Jeff didn’t fully understand what was happening at the wake. Instead of spending time in the room with the casket and the crying relatives, he mostly stayed in the room attached to it where people signed the book and went out to take a breather. The whole time he played with his new Matchbox stunt track and four shiny new cars, a present from his favorite uncle and munched on candy. When people would ask him what it was he would stop and hold up the cars, bragging that Uncle Greg had bought it and had worked on a car like the one he was holding up.

“It was the perfect gift. It was what the two of them shared. They loved to talk cars and play with those damn things. Whenever I stepped on one I knew it was a 50/50 chance Greg had left it there on the floor. He was like a kid sometimes, but that’s what you had to love about him.”

 

Travel Log…The Bloody Bucket Bridge

 

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Listen to Episode 31…Bloody Moons and Bloody Buckets

 

It was like fate that the Blood Moon happened to fall on a night when Natalie and I were both free of kids and had just heard of an odd little legend playing itself out not too far from us. As has been the rule since the beginning of Tripping on Legends, when the signs point to to something, we throw ourselves at it, and as the tumblers fell into place on this one, I became more convinced something important was going to happen if we followed up on this legend.

The Peace River runs mostly along Route 17, which had slowly become a type of backbone for our travels for the past year. More and more we had found ourselves driving this road trying to avoid the dreaded 75 and trying to get a feel for the smaller towns in Southwest Florida. What we didn’t know was that there is a stretch of the Peace River that flows blood red on certain nights of the year, and as soon as we read the first reference to it, it became our goal to dip our buckets into one of the most elaborate bits of folklore, around for more than a hundred years, we had heard in a while.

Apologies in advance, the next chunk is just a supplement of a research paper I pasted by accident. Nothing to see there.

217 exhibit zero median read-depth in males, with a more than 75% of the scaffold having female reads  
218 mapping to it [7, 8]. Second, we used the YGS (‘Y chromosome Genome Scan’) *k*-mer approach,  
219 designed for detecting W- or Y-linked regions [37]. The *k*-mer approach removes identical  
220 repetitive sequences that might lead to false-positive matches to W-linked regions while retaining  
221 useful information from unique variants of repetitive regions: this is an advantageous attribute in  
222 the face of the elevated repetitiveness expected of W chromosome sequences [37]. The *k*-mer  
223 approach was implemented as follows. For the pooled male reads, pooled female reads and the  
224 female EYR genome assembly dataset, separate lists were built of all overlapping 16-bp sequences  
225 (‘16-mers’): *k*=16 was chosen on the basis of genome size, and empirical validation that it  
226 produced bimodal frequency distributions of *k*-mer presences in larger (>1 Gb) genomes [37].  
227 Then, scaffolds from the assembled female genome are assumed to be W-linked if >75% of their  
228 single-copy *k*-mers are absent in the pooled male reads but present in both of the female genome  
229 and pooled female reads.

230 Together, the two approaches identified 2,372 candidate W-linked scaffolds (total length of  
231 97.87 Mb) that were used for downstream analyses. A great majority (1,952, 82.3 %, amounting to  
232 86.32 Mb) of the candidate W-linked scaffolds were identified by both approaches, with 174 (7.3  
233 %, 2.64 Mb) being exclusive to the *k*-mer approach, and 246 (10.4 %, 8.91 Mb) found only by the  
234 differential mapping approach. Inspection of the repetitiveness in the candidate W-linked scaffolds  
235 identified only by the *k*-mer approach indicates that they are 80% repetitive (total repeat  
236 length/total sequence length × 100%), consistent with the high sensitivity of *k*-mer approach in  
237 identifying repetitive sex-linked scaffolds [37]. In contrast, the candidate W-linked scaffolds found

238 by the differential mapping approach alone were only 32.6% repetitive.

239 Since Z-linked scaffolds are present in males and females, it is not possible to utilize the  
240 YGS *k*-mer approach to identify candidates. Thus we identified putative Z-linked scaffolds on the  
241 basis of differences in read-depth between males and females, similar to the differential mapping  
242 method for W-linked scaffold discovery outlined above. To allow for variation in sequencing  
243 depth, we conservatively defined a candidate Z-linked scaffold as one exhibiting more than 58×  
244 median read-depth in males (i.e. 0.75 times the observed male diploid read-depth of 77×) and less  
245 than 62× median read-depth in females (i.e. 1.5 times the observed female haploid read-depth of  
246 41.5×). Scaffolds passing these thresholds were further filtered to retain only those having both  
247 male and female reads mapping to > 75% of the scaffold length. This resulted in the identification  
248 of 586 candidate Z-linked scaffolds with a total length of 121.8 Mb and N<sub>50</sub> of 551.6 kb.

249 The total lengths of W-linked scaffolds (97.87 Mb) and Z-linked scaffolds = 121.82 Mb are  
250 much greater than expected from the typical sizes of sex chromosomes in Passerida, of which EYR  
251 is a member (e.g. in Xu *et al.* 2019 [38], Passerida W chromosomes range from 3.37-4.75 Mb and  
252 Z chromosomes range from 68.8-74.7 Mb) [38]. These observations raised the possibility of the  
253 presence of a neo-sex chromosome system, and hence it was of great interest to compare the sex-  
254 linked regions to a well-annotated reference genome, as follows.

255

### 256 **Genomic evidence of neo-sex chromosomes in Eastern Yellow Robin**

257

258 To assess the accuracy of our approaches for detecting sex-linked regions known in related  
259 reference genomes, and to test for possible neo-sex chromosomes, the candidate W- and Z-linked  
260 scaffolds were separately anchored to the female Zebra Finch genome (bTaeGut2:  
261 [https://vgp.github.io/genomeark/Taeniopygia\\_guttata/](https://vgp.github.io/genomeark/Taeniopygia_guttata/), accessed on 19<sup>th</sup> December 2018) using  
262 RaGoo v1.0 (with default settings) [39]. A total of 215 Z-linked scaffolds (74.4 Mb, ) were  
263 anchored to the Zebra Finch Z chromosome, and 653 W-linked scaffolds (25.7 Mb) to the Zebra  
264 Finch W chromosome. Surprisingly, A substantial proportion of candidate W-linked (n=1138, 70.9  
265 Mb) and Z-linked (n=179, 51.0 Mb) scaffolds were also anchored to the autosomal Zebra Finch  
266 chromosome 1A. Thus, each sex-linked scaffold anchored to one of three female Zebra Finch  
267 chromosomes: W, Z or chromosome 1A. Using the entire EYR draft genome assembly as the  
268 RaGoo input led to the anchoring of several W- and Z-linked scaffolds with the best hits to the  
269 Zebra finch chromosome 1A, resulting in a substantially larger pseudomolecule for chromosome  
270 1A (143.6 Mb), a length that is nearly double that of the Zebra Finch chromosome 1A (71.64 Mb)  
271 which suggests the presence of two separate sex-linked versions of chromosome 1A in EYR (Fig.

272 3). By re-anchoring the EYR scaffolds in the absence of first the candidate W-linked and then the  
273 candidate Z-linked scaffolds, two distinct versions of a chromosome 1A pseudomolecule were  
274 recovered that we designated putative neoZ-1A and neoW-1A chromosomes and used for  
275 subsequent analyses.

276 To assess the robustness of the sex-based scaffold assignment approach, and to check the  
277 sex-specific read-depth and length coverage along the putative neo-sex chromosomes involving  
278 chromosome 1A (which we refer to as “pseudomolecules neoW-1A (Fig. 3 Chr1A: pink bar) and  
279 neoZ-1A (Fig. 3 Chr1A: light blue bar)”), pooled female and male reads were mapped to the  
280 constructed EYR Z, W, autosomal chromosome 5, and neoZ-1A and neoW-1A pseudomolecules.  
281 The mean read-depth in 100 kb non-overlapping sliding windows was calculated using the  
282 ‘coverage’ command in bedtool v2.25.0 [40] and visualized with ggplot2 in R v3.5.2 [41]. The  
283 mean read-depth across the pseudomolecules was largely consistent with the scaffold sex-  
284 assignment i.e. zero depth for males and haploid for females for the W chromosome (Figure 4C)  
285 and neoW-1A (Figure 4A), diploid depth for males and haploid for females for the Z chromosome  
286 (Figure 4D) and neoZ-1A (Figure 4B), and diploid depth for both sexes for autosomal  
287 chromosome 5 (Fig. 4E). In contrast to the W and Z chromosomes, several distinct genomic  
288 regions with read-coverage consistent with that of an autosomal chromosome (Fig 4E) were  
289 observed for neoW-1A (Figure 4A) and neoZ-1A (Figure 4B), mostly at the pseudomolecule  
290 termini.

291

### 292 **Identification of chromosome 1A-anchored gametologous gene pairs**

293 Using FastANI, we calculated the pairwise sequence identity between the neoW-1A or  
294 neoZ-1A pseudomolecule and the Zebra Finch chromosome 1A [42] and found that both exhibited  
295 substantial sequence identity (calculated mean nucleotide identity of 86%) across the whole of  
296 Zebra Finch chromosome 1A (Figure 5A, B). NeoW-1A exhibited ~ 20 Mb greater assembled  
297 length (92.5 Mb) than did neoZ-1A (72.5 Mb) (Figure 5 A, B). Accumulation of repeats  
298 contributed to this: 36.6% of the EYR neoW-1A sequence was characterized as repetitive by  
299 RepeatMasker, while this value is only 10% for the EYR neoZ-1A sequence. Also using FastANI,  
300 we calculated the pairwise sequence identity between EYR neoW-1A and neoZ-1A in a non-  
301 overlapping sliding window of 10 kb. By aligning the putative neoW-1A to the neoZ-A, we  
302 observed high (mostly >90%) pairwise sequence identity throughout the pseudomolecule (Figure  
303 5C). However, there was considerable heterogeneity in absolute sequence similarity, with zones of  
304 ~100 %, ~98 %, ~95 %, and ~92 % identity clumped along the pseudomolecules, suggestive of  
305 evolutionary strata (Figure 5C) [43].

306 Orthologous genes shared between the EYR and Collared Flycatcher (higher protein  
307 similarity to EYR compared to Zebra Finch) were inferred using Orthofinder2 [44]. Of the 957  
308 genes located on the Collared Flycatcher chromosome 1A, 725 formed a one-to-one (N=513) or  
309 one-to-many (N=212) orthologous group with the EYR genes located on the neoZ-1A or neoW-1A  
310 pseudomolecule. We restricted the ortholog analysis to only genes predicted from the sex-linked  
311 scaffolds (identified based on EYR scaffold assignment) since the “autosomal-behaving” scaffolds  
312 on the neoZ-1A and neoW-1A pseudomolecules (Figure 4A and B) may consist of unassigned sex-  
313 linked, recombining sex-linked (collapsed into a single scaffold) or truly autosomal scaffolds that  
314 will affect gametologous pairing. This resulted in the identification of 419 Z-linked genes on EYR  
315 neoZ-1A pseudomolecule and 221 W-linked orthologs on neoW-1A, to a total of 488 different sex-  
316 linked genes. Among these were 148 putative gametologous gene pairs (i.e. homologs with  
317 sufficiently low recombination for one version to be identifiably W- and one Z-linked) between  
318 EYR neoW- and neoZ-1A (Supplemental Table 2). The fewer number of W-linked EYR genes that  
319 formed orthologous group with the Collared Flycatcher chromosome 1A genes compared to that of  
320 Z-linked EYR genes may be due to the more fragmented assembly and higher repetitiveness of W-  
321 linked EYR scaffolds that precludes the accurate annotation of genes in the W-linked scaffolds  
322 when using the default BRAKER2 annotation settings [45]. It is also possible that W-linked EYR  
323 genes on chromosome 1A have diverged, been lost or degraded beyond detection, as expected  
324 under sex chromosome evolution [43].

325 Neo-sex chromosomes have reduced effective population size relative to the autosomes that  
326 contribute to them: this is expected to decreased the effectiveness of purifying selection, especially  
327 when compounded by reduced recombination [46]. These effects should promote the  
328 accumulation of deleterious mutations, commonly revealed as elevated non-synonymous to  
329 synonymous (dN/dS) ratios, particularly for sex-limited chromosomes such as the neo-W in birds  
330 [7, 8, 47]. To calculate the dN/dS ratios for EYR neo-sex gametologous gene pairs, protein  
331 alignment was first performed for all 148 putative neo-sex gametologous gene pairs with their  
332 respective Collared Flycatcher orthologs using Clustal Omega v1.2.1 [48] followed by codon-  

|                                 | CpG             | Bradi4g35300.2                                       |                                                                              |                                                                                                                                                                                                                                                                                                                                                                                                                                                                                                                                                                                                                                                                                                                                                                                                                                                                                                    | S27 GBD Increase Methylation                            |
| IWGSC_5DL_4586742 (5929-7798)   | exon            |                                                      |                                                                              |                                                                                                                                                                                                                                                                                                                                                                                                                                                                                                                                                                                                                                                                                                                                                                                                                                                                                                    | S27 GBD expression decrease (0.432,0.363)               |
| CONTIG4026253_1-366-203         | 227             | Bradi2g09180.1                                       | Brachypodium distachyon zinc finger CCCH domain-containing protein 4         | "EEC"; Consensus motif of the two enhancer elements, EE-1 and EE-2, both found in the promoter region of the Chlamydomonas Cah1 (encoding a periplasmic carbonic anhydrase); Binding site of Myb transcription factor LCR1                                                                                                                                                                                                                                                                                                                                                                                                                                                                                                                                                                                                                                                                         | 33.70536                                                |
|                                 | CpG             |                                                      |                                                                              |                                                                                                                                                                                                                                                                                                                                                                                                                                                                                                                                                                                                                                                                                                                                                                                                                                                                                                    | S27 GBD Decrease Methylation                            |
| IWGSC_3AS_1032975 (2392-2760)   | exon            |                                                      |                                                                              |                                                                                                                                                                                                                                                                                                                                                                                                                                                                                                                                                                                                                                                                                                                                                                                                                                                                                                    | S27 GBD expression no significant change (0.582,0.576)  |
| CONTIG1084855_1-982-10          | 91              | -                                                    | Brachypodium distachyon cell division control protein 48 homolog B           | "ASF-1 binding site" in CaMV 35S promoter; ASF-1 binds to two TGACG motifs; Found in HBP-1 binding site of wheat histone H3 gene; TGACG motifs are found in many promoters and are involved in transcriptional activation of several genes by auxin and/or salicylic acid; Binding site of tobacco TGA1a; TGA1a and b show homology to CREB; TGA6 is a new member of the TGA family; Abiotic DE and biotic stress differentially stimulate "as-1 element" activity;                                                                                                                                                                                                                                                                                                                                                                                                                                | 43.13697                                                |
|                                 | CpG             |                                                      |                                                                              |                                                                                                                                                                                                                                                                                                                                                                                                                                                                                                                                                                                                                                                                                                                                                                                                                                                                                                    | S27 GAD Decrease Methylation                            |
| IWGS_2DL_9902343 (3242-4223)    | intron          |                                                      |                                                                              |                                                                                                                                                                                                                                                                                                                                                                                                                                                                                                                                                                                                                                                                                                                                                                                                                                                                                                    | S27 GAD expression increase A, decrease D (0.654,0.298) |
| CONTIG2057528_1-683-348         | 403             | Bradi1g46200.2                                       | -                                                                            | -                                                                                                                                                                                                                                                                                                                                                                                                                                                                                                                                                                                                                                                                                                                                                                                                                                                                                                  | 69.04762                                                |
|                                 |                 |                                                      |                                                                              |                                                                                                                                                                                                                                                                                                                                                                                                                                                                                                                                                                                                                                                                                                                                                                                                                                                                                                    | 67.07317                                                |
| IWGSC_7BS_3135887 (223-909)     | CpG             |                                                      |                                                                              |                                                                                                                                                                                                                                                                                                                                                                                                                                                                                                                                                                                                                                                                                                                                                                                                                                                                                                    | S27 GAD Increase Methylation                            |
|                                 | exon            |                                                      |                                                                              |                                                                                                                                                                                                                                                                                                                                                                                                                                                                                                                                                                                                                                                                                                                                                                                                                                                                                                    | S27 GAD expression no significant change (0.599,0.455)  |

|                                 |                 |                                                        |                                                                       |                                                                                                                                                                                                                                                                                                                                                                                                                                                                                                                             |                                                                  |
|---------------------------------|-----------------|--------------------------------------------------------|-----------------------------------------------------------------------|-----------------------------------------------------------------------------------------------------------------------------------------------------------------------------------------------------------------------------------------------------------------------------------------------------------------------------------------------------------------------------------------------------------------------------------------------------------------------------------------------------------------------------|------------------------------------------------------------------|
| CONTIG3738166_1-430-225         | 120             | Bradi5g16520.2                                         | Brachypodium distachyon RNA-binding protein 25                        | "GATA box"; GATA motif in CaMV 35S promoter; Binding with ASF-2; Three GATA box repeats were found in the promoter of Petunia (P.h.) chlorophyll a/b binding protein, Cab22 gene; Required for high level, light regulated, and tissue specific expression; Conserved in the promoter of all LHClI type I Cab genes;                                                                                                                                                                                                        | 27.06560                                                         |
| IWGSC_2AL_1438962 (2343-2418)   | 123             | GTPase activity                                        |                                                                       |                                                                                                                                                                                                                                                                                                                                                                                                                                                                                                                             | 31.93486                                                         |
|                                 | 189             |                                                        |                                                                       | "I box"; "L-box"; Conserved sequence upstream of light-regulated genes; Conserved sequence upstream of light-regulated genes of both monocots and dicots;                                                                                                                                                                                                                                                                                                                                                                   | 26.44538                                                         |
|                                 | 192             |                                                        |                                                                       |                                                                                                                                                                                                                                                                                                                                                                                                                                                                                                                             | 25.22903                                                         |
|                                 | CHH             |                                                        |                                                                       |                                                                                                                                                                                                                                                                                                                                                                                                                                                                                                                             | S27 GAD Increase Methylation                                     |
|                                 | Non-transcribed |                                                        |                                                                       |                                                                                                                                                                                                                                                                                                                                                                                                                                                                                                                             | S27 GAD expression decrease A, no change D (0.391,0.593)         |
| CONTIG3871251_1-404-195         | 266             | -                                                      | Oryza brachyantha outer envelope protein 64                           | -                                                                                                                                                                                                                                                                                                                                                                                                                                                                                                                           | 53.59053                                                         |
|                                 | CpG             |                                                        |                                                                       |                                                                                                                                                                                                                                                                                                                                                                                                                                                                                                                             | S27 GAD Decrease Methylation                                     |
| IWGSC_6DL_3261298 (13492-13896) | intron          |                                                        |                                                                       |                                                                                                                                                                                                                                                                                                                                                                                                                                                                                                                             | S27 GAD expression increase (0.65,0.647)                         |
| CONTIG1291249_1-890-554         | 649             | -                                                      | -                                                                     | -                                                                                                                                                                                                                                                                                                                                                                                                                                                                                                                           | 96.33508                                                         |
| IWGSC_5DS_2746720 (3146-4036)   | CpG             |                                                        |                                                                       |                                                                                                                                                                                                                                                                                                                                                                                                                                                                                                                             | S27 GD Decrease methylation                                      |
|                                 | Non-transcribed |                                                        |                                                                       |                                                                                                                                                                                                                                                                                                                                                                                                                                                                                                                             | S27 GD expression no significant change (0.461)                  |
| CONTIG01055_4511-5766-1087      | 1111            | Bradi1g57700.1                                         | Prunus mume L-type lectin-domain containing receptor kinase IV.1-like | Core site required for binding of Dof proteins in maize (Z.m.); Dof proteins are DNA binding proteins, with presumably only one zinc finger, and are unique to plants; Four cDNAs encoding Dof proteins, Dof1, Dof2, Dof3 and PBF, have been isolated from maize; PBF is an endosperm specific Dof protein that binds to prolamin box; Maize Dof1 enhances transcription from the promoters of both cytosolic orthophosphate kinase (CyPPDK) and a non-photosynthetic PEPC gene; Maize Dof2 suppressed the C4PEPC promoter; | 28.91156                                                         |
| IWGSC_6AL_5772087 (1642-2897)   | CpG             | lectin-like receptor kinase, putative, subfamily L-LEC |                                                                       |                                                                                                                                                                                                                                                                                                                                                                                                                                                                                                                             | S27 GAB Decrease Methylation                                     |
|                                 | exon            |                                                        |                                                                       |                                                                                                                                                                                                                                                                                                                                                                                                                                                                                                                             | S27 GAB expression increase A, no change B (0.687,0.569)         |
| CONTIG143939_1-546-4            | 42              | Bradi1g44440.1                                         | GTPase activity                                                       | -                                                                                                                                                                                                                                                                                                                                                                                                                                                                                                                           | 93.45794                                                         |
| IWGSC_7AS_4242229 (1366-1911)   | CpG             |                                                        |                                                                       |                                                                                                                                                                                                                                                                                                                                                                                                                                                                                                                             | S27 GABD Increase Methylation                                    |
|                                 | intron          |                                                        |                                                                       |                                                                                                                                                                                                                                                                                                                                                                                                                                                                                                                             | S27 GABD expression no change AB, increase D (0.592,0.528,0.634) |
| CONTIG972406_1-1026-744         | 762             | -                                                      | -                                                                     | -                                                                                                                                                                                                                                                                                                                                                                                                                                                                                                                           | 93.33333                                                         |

The river is connected, even if not physically, to several of the legends in the area focusing on the power of springs and potential Fountain of Youth stories, but this was anything but that. It is said there is a stretch of the Peace River in Wauchula, Florida, that runs blood red under any full moon. Folklore logic tells you that must be even more so for a Blood Full Moon. The story also goes on to say that on those nights you can hear phantom splashing, babies cries, and on some occasions see empty buckets laid on the banks of the water fill with the tainted water.